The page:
Cover image for The Naval Institute guide to the ships and aircraft of the U.S. fleet
The Naval Institute guide to the ships and aircraft of the U.S. fleet
Polmar, Norman.
Personal Author:
Seventeenth edition.
Publication Information:
Annapolis, Md. : Naval Institute Press, [2001]

Physical Description:
x, 657 pages : illustrations ; 31 cm
General Note:
Includes indexes.
Format :


Call Number
Material Type
Home Location
Item Holds
VA61 .S47 2001 Adult Non-Fiction Central Closed Stacks-Oversize Non-Circ

On Order



Provides a detailed analysis of the U.S. Navy and gives the history, specifications, and tactical role of naval ships and aircraft.

Reviews 2

Booklist Review

This fifteenth edition of The Naval Institute Guide is the first to be published since the end of the Cold War era. A new chapter on sealift ships, numerous photographs and descriptions reflecting Gulf War operations, and the initial chapter "State of the Fleet" all reflect the U.S. fleet of the early 1990s as well as ongoing naval programs and cancellations. This work provides detailed, comprehensive descriptions of all elements of the fleet, from organization, command structure, and personnel to ships, aircraft, weapon systems, and electronic systems. Polmar is an author and adviser to secretaries of the Navy. He took over this work beginning with its eleventh edition in 1978. Contents are arranged in 34 chapters, from brief but key glossary and ship-classification chapters to the lengthy chapters on auxiliary ships and naval aviation. For example, "Amphibious Ships" gives the number of ships and their lift capacity (in numbers of troops, vehicle and cargo space, helicopter spots, and landing-craft spots) and provides numerous photographs and diagrams of ships and their features. Listings are given of individual ships; their builders; dates laid down, launched, and commissioned; and current status (active Atlantic or Pacific, reserve, etc.). Though the detail is somewhat technical, it is accessible to a nonmilitary readership. There are chapters on the Fleet Marine Force, the Coast Guard, and the National Oceanic and Atmospheric Administration. Appendixes cover "Advanced Technology Ships," "Force Levels 1945-1990," "Navy Shipbuilding Programs, Fiscal 1947-1992," "Foreign Ship Transfers, 1987-1991," and "Navy and Coast Guard Ships Preserved as Memorials and Museums." A general index and a ship-name and class index aid access. An addendum briefly updates 16 of the chapters through October 1992. There is no comparable guide to the U.S. fleet. Jane's, of course, publishes annual guides to fighting ships, naval weapon systems, and so on for all the world's military forces. The Naval Institute Guide, however, unifies the information for U.S. naval forces. For the most current information, Jane's volumes will be the best choice. But for comprehensive coverage of the U.S. fleet and for the economy and convenience of purchasing just one volume, this work is recommended. Clientele of public and academic libraries will find it quite valuable. (Reviewed Aug. 1993)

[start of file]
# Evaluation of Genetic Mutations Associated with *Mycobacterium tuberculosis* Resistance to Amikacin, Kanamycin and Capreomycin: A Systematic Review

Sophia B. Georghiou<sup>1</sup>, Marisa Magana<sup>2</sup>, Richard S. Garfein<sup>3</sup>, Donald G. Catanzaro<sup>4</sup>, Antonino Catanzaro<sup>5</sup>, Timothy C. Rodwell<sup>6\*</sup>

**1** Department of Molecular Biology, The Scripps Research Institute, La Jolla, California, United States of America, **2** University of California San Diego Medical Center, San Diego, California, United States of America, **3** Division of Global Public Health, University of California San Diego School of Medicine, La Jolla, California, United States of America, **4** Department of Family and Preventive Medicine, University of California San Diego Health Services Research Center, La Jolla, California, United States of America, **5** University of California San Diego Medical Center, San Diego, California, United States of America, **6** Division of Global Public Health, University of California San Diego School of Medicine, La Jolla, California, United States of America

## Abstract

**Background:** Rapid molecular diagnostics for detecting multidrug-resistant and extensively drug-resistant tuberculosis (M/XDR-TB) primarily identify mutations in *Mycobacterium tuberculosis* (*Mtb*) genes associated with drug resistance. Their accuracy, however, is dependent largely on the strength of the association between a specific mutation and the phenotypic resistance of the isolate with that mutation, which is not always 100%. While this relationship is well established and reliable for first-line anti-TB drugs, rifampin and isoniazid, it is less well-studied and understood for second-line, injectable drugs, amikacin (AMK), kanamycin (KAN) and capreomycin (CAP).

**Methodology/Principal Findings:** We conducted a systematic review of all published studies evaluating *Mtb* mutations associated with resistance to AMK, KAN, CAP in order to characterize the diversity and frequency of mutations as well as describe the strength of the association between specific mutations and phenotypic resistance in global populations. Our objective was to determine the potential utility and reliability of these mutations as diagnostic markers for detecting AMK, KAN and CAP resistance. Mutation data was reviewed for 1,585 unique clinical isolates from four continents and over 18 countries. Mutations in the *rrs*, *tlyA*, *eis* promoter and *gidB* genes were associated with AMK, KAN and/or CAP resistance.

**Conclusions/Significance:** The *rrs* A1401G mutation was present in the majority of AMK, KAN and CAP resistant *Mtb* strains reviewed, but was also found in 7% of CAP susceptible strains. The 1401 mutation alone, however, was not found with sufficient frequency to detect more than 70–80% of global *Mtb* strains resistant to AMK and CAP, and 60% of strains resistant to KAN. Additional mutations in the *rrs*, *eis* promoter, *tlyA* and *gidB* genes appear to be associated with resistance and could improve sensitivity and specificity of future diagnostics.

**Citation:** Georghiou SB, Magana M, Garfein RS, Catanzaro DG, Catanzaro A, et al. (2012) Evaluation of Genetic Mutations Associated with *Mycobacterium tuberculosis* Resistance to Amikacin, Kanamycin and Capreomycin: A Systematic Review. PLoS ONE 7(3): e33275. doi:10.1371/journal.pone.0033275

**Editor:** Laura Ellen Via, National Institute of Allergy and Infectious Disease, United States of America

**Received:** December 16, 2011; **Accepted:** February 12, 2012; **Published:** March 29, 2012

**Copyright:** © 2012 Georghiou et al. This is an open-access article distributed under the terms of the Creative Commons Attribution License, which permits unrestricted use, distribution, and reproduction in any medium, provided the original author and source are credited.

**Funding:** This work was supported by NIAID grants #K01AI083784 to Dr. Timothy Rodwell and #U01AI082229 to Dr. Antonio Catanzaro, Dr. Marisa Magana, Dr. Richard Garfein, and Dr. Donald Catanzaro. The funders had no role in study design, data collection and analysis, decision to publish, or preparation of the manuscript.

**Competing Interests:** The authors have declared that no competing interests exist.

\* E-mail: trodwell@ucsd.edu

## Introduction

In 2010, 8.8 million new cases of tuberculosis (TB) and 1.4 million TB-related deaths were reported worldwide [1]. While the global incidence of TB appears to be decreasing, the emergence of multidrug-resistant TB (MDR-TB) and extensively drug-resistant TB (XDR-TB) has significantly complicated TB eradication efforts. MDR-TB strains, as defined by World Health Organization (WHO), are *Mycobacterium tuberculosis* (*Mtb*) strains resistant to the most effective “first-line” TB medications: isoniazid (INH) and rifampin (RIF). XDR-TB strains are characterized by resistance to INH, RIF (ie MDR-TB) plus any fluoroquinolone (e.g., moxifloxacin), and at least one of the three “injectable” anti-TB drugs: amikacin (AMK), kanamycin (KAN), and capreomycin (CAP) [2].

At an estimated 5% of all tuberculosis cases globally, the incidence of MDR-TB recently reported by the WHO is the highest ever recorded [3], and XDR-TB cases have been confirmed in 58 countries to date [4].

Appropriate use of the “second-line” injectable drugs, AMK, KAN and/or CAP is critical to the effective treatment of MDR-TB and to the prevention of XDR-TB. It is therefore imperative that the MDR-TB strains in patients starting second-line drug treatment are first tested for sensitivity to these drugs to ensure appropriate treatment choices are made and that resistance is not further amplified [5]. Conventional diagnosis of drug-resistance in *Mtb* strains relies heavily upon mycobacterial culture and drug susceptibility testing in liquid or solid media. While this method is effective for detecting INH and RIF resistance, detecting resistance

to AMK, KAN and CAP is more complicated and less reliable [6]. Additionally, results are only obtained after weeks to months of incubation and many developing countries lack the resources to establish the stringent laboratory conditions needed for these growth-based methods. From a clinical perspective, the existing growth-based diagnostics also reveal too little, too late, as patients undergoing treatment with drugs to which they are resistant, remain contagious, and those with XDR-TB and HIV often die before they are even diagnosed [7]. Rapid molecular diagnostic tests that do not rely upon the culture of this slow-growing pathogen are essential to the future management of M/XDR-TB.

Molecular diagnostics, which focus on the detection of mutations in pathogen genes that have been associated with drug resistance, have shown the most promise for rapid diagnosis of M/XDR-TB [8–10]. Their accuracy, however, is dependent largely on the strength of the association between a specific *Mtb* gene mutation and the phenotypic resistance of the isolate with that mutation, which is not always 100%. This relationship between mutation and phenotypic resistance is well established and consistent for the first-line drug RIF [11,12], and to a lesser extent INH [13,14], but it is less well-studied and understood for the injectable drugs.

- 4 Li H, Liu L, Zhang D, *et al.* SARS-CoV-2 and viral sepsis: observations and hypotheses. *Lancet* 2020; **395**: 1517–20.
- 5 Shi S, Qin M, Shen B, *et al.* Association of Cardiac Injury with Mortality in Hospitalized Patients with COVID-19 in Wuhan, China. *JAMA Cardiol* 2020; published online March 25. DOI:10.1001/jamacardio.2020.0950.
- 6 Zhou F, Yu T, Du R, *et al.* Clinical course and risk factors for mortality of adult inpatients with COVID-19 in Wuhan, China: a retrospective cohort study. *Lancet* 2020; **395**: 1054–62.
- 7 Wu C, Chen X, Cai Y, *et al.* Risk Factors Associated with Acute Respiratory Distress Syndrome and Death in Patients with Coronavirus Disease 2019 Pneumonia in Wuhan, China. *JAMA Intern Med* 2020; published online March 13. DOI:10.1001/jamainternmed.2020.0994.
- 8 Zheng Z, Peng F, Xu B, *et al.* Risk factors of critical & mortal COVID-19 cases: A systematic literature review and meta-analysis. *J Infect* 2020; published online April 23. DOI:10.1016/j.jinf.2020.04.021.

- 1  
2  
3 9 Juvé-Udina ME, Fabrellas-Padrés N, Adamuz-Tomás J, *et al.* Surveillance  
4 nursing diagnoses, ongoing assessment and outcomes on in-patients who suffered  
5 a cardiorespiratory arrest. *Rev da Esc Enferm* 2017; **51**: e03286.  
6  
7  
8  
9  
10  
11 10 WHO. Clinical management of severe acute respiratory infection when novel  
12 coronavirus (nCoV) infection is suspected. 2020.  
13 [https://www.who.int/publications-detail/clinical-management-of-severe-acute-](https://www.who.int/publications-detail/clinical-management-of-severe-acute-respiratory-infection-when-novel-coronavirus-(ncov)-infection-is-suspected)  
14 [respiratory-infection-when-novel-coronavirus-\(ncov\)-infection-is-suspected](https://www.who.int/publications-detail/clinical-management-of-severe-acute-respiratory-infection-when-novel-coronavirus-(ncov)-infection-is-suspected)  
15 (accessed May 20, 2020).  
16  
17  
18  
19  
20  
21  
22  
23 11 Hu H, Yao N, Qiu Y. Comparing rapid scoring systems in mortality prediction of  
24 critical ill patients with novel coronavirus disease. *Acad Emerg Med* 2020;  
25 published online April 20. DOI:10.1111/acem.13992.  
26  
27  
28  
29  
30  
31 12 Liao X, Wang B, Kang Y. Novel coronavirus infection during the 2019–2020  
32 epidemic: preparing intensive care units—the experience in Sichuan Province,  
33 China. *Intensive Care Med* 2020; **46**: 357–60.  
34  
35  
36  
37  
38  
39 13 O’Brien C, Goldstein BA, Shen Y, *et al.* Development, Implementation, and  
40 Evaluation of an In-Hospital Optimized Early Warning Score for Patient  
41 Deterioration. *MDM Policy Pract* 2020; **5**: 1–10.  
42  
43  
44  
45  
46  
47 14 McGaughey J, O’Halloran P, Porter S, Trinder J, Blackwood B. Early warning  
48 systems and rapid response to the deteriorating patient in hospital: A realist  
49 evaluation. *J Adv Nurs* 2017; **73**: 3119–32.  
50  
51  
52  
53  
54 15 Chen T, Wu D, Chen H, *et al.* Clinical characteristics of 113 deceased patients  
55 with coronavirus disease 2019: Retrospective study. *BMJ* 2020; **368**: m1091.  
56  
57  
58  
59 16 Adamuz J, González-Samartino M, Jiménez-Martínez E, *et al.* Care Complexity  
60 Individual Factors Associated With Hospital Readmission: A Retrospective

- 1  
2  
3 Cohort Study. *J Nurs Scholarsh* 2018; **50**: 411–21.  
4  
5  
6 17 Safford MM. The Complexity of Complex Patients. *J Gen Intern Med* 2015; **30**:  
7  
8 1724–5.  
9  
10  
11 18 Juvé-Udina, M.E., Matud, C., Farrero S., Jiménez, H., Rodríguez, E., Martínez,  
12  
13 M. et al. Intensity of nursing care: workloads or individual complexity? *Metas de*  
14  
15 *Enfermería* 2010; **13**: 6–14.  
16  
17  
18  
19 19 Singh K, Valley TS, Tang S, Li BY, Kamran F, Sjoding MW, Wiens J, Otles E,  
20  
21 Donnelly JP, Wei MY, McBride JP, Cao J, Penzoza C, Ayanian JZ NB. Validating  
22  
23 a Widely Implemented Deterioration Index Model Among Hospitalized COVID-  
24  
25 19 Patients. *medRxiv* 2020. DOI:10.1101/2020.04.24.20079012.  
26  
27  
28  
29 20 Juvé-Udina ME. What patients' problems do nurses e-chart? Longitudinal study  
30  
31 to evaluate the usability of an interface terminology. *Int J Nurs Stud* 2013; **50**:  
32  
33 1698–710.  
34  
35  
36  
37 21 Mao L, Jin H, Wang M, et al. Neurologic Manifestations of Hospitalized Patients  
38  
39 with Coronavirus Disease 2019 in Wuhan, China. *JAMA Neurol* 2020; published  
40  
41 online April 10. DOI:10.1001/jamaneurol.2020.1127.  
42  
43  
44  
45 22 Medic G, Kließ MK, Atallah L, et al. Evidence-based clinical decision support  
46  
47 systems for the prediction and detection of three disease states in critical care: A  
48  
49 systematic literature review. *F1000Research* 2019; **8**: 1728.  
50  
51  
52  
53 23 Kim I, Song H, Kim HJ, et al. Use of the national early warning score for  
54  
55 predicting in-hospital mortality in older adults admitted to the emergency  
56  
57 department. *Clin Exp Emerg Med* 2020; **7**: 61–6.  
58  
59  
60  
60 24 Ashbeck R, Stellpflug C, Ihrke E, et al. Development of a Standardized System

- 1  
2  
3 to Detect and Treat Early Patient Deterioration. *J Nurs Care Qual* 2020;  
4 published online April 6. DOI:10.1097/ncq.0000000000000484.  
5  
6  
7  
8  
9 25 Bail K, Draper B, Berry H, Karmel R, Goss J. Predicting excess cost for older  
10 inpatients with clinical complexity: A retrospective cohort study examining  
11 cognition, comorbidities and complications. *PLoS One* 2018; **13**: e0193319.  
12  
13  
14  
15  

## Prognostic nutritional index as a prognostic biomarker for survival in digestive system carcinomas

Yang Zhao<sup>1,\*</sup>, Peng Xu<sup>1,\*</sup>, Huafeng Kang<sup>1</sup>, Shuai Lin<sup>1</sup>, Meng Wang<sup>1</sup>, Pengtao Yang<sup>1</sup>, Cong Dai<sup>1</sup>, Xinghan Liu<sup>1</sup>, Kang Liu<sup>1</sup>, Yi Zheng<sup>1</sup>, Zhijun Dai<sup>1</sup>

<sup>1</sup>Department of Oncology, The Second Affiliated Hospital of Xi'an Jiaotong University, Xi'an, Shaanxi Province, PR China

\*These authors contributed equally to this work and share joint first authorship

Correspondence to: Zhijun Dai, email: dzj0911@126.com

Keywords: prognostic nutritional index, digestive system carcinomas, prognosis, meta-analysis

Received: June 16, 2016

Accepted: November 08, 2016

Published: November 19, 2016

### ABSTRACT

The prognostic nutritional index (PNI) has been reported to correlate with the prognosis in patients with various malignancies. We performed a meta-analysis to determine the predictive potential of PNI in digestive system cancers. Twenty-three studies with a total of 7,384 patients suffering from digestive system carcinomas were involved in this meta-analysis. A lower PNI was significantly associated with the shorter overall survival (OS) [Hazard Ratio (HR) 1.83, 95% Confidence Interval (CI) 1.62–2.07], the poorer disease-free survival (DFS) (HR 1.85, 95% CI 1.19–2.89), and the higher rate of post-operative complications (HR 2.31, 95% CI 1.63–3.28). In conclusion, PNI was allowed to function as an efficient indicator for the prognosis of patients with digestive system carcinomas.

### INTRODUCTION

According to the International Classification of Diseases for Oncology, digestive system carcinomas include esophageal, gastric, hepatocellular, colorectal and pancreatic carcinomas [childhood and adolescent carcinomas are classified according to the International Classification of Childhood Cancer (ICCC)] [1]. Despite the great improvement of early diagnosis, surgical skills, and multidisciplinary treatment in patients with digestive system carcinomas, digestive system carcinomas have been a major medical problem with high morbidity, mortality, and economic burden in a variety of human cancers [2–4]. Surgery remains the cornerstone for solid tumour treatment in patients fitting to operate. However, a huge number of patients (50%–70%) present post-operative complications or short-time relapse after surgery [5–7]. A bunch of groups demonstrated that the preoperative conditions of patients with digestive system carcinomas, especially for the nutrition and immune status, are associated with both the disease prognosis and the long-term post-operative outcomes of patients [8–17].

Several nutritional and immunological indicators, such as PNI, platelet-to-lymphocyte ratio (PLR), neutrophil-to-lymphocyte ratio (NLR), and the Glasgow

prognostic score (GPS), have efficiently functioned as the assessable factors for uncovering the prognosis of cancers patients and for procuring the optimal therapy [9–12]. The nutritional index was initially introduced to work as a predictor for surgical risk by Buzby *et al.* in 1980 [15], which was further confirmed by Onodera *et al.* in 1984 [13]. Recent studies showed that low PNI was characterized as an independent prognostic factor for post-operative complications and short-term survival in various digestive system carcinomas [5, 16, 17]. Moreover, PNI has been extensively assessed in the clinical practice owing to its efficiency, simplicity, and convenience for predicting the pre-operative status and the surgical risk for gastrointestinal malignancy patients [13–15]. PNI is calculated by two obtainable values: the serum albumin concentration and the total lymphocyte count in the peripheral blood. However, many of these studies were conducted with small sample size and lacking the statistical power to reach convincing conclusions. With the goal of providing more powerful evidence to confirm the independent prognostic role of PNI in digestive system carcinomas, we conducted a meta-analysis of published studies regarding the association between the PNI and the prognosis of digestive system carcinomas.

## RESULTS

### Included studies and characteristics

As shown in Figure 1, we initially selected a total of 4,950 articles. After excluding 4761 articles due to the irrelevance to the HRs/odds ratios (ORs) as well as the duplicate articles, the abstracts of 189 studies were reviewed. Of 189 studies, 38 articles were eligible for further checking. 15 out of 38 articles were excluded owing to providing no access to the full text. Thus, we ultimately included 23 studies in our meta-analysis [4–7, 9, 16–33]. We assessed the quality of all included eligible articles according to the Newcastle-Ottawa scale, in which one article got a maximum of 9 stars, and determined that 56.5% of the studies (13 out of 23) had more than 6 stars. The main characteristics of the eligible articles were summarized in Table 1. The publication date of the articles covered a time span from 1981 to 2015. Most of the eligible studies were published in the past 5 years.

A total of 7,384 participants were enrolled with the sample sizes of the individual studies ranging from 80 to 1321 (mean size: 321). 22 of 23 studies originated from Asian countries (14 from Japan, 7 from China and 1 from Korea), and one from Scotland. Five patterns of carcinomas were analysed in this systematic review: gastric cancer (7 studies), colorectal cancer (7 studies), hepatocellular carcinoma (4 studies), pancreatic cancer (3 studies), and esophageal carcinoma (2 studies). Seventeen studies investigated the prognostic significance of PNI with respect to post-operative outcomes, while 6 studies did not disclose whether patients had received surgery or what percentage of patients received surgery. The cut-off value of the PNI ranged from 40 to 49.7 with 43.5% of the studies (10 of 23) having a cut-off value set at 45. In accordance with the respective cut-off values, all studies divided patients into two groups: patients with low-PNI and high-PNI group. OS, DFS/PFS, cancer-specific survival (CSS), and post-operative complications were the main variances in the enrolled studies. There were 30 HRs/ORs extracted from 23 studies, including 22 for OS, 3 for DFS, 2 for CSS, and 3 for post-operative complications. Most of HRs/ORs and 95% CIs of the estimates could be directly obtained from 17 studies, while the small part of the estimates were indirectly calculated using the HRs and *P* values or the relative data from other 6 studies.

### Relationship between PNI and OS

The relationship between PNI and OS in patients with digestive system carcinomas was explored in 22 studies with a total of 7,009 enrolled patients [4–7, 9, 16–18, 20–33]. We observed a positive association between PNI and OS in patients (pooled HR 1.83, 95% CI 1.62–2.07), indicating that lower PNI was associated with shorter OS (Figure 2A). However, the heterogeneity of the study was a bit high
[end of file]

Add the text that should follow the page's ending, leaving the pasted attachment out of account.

Choice Review

In this standard reference work on the US Navy (16th ed., CH, Jun'97, 34-5450), naval analyst and consultant Polmar continues his editorship, which began with the 11th edition published in 1978. As in previous editions, Polmar begins with an introductory "state of the fleet" essay. This outlines the condition of the fleet and presents his view of the war-fighting proficiency of the US Navy. He describes six current threats to the navy: unmanned aerial vehicles, cyber attack, non-nuclear submarines, mines, lack of sea combat experience, and cruise missiles. Succeeding chapters provide detailed information on ships, aircraft, weapon/electronic systems, the Coast Guard, NOAA, and miscellaneous ships/craft. Five appendixes are included, as are general and ship indexes. Profusely illustrated with photographs, drawings, and tables, this work is a visual tour de force that will please both naval professionals and interested readers. The annual IHS Jane's Fighting Ships, edited by S. Saunders (1994-95 CD-ROM, CH, Dec'95, 33-1921), and The Naval Institute Guide to Combat Fleets of the World (16th ed., 2013; 2005-06, CH, Sep'05, 43-0007) have chapters on the US Navy; however; Polmar's book is the flagship upon which any serious study of the US Navy must embark. Summing Up: Highly recommended. Lower-division undergraduates and above; general readers. H. N. Boyer independent scholar

Table of Contents

Prefacep. ix
1 State of the Fleetp. 1
2 Glossary of Abbreviationsp. 11
3 Ship Classificationsp. 14
4 Defense Organizationp. 17
5 Navy Organizationp. 25
6 Fleet Organizationp. 34
7 Marine Forcesp. 39
8 Military Sealift Commandp. 48
9 Naval Personnelp. 53
10 Strategic Missile Submarinesp. 61
11 Submarinesp. 68
12 Research Submarines and Submersiblesp. 92
13 Aircraft Carriersp. 106
14 Battleshipsp. 125
15 Cruisers and Destroyersp. 131
16 Frigatesp. 157
17 Command Shipsp. 165
18 Amphibious Warfare Shipsp. 171
19 Landing Craft and Vehiclesp. 192
20 Patrol and Special Warfare Craftp. 206
21 Mine Countermeasures Ships and Craftp. 216
22 Auxiliary Shipsp. 230
23 Sealift Shipsp. 275
24 Service Craftp. 319
25 Floating Dry Docksp. 350
26 Naval Aviationp. 358
27 Naval Aircraftp. 388
28 Weapon Systemsp. 476
29 Electronic Systemsp. 533
30 Coast Guardp. 562
31 National Oceanographic and Atmospheric Administrationp. 609
32 Miscellaneous U.S. Shipsp. 618
A Navy Force Levels, 1945-2000p. 629
B Navy Shipbuilding Programs, Fiscal 1947-2000p. 630
C Foreign Ship Transfers, 1995-2000p. 634
D Navy and Coast Guard Ships Preserved as Memorials and Museumsp. 635
E Arsenal Ship Programp. 637
General Indexp. 639
Ship Name and Class Indexp. 642
Addendap. 651